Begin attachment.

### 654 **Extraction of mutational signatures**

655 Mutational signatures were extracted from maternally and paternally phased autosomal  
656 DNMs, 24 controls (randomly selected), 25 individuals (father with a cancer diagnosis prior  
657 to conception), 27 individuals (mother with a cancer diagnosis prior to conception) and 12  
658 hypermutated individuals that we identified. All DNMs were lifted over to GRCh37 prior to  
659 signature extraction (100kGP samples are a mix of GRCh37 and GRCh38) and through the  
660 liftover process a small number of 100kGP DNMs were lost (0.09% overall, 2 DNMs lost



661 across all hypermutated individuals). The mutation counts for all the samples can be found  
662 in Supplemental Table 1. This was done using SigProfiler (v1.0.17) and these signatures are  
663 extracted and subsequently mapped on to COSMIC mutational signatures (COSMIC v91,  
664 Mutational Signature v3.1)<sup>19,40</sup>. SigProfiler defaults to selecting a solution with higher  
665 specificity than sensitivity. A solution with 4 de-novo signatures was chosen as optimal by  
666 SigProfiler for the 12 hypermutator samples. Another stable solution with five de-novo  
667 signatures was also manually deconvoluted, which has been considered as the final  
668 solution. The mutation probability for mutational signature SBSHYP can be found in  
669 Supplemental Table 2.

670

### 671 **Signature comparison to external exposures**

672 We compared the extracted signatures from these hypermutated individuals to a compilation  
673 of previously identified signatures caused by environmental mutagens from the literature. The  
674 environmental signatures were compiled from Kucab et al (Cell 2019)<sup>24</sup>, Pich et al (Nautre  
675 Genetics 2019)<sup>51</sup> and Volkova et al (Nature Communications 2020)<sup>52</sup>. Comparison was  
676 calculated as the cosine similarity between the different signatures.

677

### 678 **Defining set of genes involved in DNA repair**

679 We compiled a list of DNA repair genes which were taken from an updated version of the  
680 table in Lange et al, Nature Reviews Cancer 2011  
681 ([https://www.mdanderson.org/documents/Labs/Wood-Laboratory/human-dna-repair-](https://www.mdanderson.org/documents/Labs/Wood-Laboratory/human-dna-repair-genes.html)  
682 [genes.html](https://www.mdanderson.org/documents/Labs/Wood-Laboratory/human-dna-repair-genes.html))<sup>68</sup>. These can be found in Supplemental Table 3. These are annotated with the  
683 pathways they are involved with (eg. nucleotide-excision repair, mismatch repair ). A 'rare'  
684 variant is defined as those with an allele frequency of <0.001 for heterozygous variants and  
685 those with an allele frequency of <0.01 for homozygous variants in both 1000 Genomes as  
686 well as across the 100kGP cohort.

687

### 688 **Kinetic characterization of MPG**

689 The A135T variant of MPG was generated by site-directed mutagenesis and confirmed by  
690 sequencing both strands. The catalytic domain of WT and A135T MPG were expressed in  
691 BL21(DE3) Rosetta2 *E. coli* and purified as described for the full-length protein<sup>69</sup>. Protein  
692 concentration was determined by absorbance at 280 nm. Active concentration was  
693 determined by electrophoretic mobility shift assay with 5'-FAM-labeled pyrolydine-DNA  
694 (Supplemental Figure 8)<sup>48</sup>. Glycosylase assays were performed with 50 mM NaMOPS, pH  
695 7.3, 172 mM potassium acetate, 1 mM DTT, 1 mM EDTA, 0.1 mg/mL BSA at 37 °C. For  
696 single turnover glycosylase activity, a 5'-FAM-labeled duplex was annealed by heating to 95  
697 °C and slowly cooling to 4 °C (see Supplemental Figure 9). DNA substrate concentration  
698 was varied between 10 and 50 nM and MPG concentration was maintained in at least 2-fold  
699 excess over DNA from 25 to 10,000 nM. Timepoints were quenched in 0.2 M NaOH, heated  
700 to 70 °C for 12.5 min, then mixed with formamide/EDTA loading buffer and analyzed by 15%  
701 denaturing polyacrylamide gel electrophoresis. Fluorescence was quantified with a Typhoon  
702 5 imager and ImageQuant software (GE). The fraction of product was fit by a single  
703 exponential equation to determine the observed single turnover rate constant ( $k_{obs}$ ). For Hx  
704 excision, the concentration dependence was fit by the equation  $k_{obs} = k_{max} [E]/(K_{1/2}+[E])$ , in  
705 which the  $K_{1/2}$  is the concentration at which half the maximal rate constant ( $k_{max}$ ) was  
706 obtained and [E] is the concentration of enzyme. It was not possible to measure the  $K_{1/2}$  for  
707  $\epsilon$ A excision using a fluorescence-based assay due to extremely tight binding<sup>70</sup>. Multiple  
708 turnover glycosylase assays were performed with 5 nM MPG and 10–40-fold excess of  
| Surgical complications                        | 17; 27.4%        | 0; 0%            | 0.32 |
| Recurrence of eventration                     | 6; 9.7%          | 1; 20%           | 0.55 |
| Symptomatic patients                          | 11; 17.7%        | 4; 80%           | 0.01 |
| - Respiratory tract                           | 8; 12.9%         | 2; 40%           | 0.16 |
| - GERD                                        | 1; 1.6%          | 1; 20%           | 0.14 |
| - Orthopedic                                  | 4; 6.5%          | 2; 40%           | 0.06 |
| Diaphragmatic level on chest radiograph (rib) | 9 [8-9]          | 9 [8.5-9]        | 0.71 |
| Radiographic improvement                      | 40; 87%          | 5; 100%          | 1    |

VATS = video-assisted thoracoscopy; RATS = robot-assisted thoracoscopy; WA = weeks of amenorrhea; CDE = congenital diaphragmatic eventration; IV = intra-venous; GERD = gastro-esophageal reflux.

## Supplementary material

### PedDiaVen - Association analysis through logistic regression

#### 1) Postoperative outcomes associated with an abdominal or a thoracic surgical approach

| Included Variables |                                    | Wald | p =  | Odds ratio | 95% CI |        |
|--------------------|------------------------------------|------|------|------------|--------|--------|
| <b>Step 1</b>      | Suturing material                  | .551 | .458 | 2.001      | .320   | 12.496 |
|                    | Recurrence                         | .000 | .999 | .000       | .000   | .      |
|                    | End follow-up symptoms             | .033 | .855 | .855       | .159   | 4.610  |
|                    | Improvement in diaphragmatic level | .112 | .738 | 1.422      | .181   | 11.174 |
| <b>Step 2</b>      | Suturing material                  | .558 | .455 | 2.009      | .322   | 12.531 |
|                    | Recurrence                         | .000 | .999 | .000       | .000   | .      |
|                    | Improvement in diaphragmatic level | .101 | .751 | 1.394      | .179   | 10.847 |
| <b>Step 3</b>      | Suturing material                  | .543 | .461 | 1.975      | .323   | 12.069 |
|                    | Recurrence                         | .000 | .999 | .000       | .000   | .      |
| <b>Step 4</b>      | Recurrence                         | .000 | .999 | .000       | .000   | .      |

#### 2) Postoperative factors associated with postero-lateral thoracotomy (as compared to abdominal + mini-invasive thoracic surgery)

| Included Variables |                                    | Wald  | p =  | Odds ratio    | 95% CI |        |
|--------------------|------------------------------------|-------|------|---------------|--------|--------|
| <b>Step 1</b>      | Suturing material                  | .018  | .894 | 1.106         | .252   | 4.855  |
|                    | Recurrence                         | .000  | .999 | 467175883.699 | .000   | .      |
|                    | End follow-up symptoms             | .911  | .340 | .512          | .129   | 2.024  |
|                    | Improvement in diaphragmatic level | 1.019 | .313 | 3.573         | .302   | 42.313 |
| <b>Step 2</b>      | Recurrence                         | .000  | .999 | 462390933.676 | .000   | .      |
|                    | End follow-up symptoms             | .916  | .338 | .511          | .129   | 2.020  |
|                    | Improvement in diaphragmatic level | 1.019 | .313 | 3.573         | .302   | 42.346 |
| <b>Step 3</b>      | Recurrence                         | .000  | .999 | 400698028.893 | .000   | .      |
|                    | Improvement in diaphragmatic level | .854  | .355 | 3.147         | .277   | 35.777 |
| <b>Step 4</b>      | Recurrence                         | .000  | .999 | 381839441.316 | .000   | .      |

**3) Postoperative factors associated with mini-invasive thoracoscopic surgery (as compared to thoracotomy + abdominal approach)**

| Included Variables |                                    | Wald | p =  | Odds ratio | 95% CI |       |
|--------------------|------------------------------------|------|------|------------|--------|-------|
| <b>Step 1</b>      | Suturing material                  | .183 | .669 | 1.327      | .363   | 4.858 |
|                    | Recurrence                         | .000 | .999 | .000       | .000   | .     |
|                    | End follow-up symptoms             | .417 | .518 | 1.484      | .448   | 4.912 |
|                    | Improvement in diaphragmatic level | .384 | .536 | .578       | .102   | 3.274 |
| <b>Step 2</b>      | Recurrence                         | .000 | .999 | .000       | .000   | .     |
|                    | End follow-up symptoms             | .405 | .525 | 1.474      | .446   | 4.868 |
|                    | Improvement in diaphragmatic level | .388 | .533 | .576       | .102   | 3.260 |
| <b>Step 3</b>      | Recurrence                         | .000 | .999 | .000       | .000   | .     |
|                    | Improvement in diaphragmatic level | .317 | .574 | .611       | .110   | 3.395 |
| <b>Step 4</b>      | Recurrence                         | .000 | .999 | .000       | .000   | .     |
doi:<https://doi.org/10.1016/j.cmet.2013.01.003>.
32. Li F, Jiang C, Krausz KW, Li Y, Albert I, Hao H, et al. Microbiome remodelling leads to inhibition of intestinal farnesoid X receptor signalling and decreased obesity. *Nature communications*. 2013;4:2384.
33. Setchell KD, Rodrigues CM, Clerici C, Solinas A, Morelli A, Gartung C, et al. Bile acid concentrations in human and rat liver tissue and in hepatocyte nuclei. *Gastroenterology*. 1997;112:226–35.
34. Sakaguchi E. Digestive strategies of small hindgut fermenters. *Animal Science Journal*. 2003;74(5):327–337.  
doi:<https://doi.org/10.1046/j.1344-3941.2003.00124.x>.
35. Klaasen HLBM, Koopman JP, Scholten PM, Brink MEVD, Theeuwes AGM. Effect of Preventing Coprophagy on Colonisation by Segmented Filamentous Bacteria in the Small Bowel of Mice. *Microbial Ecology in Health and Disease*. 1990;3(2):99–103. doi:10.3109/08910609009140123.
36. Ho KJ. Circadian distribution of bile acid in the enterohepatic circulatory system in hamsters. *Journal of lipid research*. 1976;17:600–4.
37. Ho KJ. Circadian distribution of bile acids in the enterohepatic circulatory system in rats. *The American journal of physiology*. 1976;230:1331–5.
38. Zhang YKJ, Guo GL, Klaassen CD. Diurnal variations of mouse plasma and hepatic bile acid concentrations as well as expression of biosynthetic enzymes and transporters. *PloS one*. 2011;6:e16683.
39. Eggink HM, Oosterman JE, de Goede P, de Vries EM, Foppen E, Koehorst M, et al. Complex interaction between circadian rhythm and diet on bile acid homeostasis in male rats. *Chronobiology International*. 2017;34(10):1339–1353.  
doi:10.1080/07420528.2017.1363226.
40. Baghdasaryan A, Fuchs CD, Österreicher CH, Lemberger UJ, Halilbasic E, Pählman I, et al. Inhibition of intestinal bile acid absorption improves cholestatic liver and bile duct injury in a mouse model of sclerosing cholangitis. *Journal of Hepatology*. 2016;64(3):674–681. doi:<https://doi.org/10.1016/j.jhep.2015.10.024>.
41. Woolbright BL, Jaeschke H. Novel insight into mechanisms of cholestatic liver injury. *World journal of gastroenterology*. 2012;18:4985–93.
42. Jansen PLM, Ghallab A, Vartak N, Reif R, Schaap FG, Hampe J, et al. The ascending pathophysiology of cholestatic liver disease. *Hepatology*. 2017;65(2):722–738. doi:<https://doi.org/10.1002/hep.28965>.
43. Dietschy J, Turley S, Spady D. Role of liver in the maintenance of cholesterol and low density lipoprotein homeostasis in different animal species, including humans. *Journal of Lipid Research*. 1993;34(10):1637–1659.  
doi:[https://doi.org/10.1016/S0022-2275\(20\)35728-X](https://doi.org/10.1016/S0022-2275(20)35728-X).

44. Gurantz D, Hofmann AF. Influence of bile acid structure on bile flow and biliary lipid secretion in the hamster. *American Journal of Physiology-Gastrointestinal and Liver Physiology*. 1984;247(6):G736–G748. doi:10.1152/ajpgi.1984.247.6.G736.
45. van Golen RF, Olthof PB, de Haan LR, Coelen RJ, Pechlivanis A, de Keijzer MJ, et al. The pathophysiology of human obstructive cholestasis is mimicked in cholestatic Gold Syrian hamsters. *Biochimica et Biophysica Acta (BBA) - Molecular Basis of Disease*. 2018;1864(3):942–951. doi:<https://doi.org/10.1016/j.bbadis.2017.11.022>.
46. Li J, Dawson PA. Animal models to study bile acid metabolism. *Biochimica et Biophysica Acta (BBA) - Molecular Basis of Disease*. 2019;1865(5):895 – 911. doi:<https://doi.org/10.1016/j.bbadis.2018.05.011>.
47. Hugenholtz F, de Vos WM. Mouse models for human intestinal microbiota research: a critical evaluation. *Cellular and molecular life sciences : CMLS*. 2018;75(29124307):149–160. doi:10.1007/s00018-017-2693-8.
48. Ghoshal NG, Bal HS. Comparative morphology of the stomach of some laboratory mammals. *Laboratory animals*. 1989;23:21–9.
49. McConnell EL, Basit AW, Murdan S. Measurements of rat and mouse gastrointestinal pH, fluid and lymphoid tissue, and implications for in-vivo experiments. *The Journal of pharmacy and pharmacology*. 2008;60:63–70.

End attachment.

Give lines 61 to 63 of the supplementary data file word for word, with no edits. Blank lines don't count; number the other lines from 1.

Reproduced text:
| - Orthopedic                                  | 4; 6.5%          | 2; 40%           | 0.06 |
| Diaphragmatic level on chest radiograph (rib) | 9 [8-9]          | 9 [8.5-9]        | 0.71 |
| Radiographic improvement                      | 40; 87%          | 5; 100%          | 1    |